MANAMA, March 15, 2011 (AFP) - Armed forces from Saudi Arabia and the United Arab Emirates rolled into Bahrain on Monday to help the government there deal with pro-democracy protesters, prompting UN and US alarm.
Television footage showed convoys of unmarked, desert-brown armoured vehicles crossing from Saudi's Eastern Province into Bahrain, the home of the US Fifth Fleet.
|An image grab taken from Bahrain TV shows vanguard of a contingent of Gulf troops arriving in the unrest-wracked Kingdom of Bahrain across a causeway from Saudi Arabia on March 14, 2011. AFP|
The Saudi government said it had responded to a call for help from its neighbour as Saudi-led forces from the Gulf countries' joint Peninsula Shield Force crossed the causeway into Bahrain.
"The council of ministers has confirmed that it has answered a request by Bahrain for support," the Saudi government said in a statement carried by the SPA state news agency.
Under an agreement of the six-country Gulf Cooperation Council (GCC), "any harm done to the security of a member state is considered a harm done to the security of all members," it said.
The United Arab Emirates also said it had sent some 500 police to help "defuse tension," according to Foreign Minister Sheikh Abdullah bin Zayed al-Nahayan.
It was not clear if the other GCC members Kuwait, Oman and Qatar were also participating.
The Shiite-led opposition alliance said any foreign force would be treated as an invading army.
"We consider the arrival of any soldier, or military vehicle, into Bahraini territory... an overt occupation of the kingdom of Bahrain and a conspiracy against the unarmed people of Bahrain," said an opposition statement.
But authorities called on the population to "cooperate fully and to welcome" the troops.
UN chief Ban Ki-moon was "troubled" by the arrival of the forces, spokesman Farhan Haq said Monday.
"He appeals to all concerned to exercise maximum restraint and to do everything possible to prevent the use of force and further violence," Haq added.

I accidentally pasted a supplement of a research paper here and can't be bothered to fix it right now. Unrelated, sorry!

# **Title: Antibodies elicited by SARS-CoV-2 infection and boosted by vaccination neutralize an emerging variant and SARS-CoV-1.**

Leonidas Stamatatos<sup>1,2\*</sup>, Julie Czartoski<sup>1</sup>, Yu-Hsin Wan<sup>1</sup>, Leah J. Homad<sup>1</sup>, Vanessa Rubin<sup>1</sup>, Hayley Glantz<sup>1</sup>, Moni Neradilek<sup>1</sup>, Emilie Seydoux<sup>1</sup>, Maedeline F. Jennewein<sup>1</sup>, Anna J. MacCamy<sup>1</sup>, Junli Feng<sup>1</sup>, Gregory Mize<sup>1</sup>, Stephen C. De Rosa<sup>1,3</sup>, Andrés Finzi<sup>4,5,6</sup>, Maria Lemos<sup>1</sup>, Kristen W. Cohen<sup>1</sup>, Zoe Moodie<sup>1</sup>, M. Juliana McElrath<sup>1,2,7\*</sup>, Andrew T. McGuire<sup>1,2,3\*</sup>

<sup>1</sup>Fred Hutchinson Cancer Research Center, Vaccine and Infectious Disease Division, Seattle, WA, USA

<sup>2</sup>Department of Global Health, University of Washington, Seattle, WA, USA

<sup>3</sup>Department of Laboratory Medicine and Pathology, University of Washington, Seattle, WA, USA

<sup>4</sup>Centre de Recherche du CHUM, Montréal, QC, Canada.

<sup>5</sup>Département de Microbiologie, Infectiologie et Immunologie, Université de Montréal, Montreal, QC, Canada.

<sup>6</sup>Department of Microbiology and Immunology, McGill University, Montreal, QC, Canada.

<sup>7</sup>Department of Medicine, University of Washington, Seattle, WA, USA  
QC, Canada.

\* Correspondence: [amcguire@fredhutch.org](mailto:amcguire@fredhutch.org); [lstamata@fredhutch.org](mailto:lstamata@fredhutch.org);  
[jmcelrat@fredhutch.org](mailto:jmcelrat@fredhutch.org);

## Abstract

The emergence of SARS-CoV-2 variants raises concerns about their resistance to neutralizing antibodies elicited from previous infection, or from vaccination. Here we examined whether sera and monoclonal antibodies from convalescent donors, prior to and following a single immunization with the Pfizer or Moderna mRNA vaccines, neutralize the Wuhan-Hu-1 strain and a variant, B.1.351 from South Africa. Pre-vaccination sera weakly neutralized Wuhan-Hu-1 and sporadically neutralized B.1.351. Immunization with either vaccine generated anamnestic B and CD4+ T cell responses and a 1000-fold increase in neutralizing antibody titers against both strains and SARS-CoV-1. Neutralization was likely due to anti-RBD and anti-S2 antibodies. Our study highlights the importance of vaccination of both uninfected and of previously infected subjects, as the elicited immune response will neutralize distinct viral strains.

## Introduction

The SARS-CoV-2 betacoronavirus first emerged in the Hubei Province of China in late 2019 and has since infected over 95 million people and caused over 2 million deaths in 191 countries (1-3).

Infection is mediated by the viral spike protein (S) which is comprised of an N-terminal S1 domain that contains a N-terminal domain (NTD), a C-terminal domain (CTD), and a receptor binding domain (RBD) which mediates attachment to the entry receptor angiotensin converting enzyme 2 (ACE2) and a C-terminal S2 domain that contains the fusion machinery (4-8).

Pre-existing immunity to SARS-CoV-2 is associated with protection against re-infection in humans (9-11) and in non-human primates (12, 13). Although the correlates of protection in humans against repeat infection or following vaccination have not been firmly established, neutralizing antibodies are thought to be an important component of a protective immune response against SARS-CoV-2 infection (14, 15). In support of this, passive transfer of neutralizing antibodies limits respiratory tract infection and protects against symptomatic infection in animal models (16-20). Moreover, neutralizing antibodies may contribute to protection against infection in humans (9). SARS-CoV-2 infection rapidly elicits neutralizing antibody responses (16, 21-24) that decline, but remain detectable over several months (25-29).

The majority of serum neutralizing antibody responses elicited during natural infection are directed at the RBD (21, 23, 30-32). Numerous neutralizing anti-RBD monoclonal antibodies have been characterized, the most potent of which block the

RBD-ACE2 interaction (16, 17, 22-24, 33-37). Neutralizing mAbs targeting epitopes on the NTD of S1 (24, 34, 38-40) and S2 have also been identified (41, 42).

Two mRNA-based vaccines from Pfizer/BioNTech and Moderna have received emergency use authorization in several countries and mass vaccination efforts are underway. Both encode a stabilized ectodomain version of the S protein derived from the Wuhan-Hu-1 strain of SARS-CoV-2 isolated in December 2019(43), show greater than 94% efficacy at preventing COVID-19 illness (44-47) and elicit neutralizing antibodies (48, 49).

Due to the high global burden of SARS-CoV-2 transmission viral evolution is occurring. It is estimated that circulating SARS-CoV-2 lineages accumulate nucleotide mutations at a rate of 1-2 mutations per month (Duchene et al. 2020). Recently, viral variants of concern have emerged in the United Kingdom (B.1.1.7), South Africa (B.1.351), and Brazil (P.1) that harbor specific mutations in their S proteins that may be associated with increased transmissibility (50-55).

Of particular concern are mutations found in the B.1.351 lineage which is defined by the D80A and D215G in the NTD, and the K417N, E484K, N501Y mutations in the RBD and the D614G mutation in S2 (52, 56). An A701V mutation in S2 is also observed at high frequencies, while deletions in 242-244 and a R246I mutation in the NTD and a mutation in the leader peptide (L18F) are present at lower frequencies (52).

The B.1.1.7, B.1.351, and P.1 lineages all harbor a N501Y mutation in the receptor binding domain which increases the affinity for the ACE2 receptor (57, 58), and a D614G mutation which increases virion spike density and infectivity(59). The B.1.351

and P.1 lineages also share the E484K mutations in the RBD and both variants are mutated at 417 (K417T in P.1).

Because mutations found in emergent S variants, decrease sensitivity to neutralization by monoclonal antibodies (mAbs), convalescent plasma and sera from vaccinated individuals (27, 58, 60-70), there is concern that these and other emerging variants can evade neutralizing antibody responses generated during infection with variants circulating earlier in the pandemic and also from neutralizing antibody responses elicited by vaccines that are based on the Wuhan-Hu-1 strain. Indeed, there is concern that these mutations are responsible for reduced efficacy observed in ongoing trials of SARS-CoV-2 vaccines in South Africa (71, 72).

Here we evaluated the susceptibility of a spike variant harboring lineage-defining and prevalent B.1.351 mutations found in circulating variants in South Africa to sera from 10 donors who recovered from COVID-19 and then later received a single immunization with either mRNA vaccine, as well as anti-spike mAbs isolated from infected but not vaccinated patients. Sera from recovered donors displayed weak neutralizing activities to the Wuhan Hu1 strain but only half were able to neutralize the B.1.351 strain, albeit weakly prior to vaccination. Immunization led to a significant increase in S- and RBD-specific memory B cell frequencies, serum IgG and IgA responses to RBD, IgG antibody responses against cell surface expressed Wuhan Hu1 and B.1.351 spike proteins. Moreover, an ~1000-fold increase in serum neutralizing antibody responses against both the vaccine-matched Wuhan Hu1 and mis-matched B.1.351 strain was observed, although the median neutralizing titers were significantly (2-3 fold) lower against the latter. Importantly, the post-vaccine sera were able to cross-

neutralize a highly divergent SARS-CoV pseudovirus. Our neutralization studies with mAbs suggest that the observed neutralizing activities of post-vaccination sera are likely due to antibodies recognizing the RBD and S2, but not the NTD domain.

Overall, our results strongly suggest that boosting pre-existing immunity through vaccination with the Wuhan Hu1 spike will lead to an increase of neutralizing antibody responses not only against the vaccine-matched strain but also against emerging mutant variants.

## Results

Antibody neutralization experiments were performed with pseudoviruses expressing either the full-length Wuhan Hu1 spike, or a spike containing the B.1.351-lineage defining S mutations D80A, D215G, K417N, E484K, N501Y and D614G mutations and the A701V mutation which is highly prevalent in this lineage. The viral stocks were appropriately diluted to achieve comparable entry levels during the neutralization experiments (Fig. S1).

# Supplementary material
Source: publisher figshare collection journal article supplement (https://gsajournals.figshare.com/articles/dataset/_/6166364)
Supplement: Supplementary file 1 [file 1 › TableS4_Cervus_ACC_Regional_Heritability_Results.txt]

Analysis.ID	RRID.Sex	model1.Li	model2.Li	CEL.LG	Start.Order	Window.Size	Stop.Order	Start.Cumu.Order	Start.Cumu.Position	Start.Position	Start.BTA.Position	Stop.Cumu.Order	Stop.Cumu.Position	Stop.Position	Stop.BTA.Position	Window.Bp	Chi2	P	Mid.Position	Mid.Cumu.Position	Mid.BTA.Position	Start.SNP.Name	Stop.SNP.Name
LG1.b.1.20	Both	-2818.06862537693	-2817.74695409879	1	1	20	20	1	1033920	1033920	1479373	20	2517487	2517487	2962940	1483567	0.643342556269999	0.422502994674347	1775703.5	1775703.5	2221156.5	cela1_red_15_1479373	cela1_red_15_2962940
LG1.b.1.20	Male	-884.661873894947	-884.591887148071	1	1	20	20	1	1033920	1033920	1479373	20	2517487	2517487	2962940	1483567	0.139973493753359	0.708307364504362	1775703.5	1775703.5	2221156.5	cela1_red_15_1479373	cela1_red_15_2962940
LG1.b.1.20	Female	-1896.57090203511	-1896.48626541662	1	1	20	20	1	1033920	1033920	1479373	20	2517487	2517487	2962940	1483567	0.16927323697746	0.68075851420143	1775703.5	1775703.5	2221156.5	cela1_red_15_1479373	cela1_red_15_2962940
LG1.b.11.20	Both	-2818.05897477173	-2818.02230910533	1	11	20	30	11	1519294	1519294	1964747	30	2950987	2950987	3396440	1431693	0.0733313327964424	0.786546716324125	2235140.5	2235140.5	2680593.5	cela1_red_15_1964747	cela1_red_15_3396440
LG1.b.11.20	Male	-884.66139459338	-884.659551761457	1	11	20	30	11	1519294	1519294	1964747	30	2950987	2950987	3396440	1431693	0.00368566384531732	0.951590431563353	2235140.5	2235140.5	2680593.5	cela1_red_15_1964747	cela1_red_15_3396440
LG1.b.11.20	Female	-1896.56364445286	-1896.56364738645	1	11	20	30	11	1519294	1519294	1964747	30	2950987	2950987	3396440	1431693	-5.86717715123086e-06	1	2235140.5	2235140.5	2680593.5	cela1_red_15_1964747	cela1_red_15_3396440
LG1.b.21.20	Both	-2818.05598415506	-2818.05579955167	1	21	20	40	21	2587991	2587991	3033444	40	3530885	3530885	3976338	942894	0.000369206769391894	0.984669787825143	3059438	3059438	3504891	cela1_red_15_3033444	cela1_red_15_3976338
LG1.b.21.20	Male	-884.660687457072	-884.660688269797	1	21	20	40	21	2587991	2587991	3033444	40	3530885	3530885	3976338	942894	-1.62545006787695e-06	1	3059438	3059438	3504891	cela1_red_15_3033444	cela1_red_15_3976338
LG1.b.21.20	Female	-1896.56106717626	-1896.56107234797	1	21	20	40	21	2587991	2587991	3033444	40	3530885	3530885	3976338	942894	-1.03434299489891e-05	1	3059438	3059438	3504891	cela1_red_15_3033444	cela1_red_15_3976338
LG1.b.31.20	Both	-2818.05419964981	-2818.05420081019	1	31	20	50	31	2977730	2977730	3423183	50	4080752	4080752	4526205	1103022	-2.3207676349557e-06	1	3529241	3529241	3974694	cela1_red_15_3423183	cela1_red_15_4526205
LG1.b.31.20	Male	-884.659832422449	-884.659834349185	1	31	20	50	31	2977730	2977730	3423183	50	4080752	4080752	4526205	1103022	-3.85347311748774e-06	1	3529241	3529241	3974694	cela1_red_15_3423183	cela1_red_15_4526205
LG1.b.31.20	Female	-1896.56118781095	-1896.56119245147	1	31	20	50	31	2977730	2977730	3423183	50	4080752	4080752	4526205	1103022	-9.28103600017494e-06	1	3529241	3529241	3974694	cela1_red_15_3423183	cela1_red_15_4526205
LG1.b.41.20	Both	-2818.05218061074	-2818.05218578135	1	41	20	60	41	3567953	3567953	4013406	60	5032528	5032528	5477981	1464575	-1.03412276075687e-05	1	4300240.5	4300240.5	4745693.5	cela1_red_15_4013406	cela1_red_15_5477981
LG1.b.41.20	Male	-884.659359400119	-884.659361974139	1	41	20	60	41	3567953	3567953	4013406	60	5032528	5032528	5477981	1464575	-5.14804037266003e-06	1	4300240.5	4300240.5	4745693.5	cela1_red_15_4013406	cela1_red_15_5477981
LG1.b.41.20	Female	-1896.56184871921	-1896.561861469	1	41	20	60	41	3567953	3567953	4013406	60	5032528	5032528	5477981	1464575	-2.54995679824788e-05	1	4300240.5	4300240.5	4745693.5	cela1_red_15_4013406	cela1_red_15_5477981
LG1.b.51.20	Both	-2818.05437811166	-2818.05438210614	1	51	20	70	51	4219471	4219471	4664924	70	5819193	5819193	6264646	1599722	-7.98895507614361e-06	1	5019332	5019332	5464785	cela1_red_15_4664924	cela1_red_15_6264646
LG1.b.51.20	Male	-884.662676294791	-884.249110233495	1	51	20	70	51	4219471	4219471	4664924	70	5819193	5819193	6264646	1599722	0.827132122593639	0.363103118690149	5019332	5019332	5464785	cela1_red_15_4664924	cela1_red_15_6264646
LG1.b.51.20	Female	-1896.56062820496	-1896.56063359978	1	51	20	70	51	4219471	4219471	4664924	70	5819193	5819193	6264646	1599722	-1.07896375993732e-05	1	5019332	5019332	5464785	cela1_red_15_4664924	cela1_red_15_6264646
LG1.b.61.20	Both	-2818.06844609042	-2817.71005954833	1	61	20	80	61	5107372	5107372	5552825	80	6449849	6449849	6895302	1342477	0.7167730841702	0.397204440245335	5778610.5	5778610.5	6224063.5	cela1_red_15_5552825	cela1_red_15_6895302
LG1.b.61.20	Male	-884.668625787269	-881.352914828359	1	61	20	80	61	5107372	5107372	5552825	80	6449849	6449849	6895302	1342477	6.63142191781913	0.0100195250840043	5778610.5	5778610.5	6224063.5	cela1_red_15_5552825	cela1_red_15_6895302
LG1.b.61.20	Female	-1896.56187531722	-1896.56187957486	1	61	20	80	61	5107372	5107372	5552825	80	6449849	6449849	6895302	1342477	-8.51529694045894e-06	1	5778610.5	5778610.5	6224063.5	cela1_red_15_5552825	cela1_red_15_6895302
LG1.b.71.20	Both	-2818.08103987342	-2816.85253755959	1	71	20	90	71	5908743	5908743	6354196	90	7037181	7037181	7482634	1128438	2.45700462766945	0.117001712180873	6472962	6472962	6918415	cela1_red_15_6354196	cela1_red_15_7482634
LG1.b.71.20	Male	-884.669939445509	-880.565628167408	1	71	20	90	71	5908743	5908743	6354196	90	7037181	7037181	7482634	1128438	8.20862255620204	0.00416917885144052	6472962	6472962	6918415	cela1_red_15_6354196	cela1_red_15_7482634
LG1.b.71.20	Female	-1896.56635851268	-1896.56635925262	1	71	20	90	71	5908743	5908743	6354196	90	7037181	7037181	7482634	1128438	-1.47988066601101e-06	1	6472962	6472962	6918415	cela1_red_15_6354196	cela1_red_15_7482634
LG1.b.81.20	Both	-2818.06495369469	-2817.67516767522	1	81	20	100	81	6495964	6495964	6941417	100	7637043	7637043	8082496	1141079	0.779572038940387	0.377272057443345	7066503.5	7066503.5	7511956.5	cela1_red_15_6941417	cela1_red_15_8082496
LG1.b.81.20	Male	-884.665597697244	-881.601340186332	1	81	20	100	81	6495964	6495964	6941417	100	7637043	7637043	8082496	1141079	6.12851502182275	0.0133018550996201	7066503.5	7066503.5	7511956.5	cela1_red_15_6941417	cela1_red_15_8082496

White House spokesman Jay Carney called on the Gulf forces to respect the rights of the people of Bahrain.
"We urge the government of Bahrain... as well as other GCC countries, to exercise restraint and not to meet the non-violent protests of people legitimately expressing their concerns... with any kind of physical violence."
But Carney declined to call for the forces to be pulled out, saying: "This is not an invasion of a country."
Helicopters buzzed overhead as thousands of protesters blocked access roads to the Financial Harbour business complex, a day after more than 200 people were wounded there in clashes between riot police and demonstrators.
Manama's business district appeared a ghost town as the mainly Shiite protesters pressed their calls for democratic change from the Sunni Muslim monarchy.
Police appeared to have deserted the area, while shopping malls and office towers were closed.
Protesters also maintained their sit-in at nearby Pearl Square, where activists expected a showdown with the security forces. Thousands gathered at the square on Monday evening.
"We are not intimidated," said a woman, who asked not to be named.
Most workers seemed to be following a trade union call for a general strike to protest against violence by the security forces.
Sunday was the worst day of violence in the kingdom since seven people were killed at the start of the anti-regime unrest a month ago.
Shiite-majority Bahrain has transformed itself into a regional financial centre as it has sought to reduce dependence on diminishing oil revenues.
But to many of the country's disenfranchised Shiites, the banking district is a symbol of corruption, wealth and privilege.
The Saudi intervention came two days after US Defence Secretary Robert Gates visited Manama and urged King Hamad bin Issa al-Khalifa to undertake rapid and significant democratic reform, not just "baby steps."
Gates spoke of Washington's fears that the longer the instability dragged on the more likely Iran, a Shiite theocracy, would to try to meddle in Bahrain's affairs.
In a major concession to the opposition demands, Crown Prince Salman bin Hamad al-Khalifa said Sunday he supported setting up a parliament with full powers and pledged to tackle corruption and sectarian tensions.
But "legitimate demands should not be carried out at the price of security and stability," he warned.
The opposition, however, has refused to negotiate until the government resigns, a condition the country's rulers have rejected.
Foreign Minister Khalid al-Khalifa said the opposition demonstrations amounted to a "wanton, gangster-style takeover of people's lives."
While the mainstream opposition says it is not trying to overthrow the royal family, more radical Shiite elements have said they want a republic.